Sadly, the film is not without its shortcomings. Some of the acting is a little dubious, not least from the murderer himself. Because of this, some of the scenes which should be the movie’s strongest – namely those where the murderer is torturing Sheryl or other innocents – fall flat. Nevertheless, ‘The Poughkeepsie Tapes’ deserves a spot on this list for its unforgiving bleakness presented in its faux-documentary style. It is a mystery without a conclusion, and this makes it all the more haunting.
4. Noroi: The Curse (Kōji Shiraishi, 2005)
In much the same vein as ‘The Poughkeepsie Tapes’, ‘Noroi’ presents perhaps the first and most successful instance in which a documentary-style format has been adopted by contributors of the found footage genre. Methodically paced, its scares are few and far between but made all the more impactful when they do appear. Its editing style, in which it pretends to borrow and present clips from various sources, such as televised interviews, news broadcasts and, most lucratively, the film crew’s extensive footage, is increasingly innovative and immersive. It builds to create a detailed picture of a mystery that, as the viewer, you want desperately to have the answers to. It is fed to you slowly, but the end result is worth the wait.
‘Noroi’ is a disturbing and insidious account of a deadly curse felt in a local town. Through talking to psychics and those possessing telekinesis, the filmmakers persist in peeling back the bemusing layers of this mysterious mystery that haunts an entire Japanese village.
‘Noroi’ has seldom been spoken about on a large scale since its release in 2005, but it is perhaps a true testament to the strengths of the found footage genre when it is done correctly. It is a chilling dive into Japanese folklore, with moments of real suspense. It also contains clever ‘reveals’ of paranormal reveals, almost like a real ghost investigation show, drawing you in to almost invest in its realism.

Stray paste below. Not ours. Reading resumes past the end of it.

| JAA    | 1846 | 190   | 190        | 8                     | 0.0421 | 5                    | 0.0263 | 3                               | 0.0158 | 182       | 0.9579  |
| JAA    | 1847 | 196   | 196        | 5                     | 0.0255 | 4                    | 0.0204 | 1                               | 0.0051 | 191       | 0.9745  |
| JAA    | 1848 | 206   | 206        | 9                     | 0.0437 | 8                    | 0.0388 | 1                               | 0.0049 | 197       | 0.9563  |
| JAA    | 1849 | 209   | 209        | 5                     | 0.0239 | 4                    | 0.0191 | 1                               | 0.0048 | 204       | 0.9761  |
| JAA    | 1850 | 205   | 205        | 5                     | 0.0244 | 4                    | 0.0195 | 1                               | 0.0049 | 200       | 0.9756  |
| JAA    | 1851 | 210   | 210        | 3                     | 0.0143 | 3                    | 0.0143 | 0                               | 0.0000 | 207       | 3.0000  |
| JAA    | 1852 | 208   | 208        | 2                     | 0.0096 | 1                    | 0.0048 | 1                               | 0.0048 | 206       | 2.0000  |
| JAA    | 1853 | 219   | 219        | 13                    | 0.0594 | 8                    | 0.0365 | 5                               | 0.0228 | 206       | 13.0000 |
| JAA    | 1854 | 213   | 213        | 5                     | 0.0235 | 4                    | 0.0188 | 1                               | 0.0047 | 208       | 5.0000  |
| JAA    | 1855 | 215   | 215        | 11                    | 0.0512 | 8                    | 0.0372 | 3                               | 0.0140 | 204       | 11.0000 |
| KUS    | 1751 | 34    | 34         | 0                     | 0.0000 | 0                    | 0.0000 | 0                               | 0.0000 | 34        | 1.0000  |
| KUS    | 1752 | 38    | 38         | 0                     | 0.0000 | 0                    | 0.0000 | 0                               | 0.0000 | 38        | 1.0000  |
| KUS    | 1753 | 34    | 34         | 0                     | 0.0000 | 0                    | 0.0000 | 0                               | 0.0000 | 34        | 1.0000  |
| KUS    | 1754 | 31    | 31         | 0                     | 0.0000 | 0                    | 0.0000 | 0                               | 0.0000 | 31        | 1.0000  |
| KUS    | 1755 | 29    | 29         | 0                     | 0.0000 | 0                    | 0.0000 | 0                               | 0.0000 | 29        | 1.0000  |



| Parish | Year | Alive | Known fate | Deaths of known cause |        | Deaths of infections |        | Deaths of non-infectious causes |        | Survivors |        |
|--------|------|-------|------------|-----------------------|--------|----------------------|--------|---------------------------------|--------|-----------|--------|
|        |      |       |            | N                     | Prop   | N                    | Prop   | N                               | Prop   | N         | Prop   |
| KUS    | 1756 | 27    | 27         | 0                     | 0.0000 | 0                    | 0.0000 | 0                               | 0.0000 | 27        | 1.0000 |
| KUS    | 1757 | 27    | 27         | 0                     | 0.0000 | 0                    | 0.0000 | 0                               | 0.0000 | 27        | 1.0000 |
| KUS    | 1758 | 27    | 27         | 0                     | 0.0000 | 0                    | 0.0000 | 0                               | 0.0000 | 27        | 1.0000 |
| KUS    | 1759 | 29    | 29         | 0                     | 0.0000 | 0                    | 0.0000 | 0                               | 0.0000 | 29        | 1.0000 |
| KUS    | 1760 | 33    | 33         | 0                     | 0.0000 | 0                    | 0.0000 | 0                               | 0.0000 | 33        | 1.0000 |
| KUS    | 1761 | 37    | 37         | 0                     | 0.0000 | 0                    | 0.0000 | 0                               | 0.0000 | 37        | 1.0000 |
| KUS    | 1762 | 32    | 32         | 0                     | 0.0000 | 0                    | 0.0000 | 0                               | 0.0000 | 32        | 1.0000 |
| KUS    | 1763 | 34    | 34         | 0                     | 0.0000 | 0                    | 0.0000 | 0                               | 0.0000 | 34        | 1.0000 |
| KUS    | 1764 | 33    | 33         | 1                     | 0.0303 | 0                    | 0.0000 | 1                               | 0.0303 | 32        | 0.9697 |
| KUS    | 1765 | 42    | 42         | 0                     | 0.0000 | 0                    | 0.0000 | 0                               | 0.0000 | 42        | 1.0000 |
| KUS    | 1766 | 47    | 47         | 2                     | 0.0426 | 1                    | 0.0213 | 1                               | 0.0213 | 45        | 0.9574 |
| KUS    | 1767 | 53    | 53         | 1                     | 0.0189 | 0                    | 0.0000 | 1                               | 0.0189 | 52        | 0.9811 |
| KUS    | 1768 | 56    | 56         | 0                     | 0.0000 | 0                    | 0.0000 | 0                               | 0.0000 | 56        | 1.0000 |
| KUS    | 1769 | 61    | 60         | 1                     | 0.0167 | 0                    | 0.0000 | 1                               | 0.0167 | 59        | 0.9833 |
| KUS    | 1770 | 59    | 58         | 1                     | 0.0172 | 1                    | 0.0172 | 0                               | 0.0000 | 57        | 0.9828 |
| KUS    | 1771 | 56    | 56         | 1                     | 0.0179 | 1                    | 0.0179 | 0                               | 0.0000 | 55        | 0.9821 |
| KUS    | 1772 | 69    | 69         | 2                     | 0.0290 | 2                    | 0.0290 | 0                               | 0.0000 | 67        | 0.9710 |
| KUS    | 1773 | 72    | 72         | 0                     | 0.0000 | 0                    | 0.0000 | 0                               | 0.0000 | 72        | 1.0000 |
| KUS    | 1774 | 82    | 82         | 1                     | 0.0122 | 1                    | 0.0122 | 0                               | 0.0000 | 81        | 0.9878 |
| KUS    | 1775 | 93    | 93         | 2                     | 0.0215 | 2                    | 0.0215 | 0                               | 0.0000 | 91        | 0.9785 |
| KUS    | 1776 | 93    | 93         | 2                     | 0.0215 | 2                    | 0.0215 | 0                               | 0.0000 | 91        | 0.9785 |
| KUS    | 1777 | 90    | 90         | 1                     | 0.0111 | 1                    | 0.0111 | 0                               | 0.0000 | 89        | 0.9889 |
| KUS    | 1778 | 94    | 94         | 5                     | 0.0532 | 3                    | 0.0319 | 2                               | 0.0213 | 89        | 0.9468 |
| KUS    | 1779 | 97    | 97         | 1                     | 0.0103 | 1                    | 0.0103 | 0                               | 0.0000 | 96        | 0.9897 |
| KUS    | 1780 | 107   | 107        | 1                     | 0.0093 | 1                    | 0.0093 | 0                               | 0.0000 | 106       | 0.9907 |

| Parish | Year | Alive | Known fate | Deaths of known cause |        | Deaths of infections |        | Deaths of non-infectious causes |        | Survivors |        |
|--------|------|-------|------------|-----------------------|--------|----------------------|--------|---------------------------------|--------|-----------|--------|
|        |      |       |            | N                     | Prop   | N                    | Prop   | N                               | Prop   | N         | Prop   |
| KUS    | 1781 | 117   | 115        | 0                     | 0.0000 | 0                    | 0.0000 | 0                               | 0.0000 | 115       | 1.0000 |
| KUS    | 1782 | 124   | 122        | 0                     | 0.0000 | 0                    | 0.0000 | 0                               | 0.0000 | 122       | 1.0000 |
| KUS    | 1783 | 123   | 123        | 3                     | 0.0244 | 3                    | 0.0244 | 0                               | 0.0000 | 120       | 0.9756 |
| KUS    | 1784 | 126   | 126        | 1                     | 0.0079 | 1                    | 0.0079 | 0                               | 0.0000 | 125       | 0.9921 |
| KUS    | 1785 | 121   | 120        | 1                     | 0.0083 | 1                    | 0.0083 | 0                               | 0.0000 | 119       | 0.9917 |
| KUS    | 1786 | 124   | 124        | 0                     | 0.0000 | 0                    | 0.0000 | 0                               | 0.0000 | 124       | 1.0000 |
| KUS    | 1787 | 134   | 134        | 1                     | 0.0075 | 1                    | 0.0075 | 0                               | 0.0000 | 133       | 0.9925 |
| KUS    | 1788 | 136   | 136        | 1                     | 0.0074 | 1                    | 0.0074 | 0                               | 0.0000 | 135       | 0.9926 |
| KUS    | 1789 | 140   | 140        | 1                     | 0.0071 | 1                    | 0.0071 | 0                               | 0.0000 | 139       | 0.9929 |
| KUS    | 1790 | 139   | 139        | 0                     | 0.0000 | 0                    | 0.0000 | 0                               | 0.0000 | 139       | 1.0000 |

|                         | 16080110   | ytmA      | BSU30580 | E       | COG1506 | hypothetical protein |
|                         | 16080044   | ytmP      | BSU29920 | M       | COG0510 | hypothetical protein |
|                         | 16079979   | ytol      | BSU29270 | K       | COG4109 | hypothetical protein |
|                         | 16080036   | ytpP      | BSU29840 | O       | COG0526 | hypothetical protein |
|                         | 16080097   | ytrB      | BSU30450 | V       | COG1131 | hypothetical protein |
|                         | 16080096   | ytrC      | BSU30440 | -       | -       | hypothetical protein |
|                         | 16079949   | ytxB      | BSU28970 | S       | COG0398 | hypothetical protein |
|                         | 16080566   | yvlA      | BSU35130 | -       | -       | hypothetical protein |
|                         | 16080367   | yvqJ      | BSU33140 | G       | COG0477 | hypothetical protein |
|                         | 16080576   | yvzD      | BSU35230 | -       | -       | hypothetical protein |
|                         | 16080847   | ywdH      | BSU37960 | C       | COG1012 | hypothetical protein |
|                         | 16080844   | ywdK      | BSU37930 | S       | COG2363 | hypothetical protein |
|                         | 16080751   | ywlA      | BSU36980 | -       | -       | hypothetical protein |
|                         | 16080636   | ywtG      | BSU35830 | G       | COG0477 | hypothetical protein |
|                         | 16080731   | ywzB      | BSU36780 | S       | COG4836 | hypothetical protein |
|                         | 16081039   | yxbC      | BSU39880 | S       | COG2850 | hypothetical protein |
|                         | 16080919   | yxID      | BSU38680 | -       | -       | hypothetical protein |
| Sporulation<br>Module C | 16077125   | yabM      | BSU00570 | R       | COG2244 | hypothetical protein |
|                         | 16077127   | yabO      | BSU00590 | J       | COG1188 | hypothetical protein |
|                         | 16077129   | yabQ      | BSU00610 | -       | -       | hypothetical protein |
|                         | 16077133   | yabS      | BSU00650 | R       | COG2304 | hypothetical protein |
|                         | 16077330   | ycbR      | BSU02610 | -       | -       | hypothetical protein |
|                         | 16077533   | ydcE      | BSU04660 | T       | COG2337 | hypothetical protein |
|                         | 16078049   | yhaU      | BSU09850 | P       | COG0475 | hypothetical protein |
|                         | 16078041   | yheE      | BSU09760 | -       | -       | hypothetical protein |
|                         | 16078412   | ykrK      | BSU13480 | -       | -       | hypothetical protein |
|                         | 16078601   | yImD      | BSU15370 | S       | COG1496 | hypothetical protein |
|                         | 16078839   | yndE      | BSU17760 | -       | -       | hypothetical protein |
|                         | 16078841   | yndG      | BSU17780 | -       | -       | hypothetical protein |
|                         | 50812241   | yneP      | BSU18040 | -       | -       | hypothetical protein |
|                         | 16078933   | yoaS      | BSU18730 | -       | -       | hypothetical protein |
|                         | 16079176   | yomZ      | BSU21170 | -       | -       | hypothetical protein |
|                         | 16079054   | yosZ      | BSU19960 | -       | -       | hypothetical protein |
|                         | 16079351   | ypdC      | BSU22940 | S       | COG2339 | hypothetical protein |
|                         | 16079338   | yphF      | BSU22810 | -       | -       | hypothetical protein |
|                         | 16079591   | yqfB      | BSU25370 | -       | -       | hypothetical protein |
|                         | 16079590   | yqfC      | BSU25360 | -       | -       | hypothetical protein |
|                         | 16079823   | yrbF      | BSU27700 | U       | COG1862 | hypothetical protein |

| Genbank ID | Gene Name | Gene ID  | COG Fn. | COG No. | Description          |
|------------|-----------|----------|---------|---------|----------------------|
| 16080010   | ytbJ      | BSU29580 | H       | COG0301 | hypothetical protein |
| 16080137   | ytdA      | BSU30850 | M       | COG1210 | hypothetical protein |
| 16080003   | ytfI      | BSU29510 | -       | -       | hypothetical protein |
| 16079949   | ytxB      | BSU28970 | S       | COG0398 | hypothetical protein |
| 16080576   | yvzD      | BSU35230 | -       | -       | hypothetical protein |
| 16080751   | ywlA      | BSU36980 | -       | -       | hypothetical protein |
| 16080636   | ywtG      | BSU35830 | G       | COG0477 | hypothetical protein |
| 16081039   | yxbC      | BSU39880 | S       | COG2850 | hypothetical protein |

Powerfully authentic, profoundly sad and ultimately haunting, ‘Noroi: The Curse’ is a true hidden gem not merely of the found footage sub-genre, but of cinema itself.
5. Trollhunter (André Øvredal, 2010)
Perhaps the most fantastical film in this list, ‘Trollhunter’ represents a true breath of life into the found footage genre during a time when its creativity was truly waning.
Opening with the typical plotline of student filmmakers embarking on an effort to discover the source of a crime – this time involving the slaughtering of bears in large numbers across Norway – until they seek the assistance of a mysterious figure who turns out to be a trollhunter (Otto Jespersen). Thinking him deluded, they accompany on one of his ‘troll hunts’ only to find he has been telling the truth. A grizzly encounter with a three-headed troll convinces them of his honesty.
‘Trollhunter’ is a profound and enthralling dive into the raw and unsettling nature of Scandinavian folklore. Rather than reducing trolls to the bumbling but mostly dimwitted entities like the fantasy films we’re exposed to these days, ‘Trollhunter’ presents the mythical beasts as an unrelenting threat throughout. They are swift, with sharp senses and a vicious ability to wreak havoc upon their victims. The mere fact that the titular trollhunter Hans warns the students that trolls can smell a Christian man’s blood, is enough to instill a fear in the viewer when one of the protagonists (Tomas Alf Larsen) eventually admits their concealed faith.
Much like the hand-held monster-watch movie ‘Cloverfield’, ‘Trollhunter’ may not be a scary experience outright, but it is an intense and special addition to the myriad of films in the found footage sub-genre that settle for re-hashed stories of possessions, paranormal hauntings and demonic entities. Breaking through the haze of these unoriginal cash-grabs, ‘Trollhunter’ truly stands alone as one of the found footage sub-genre’s most refreshing and original concepts to date.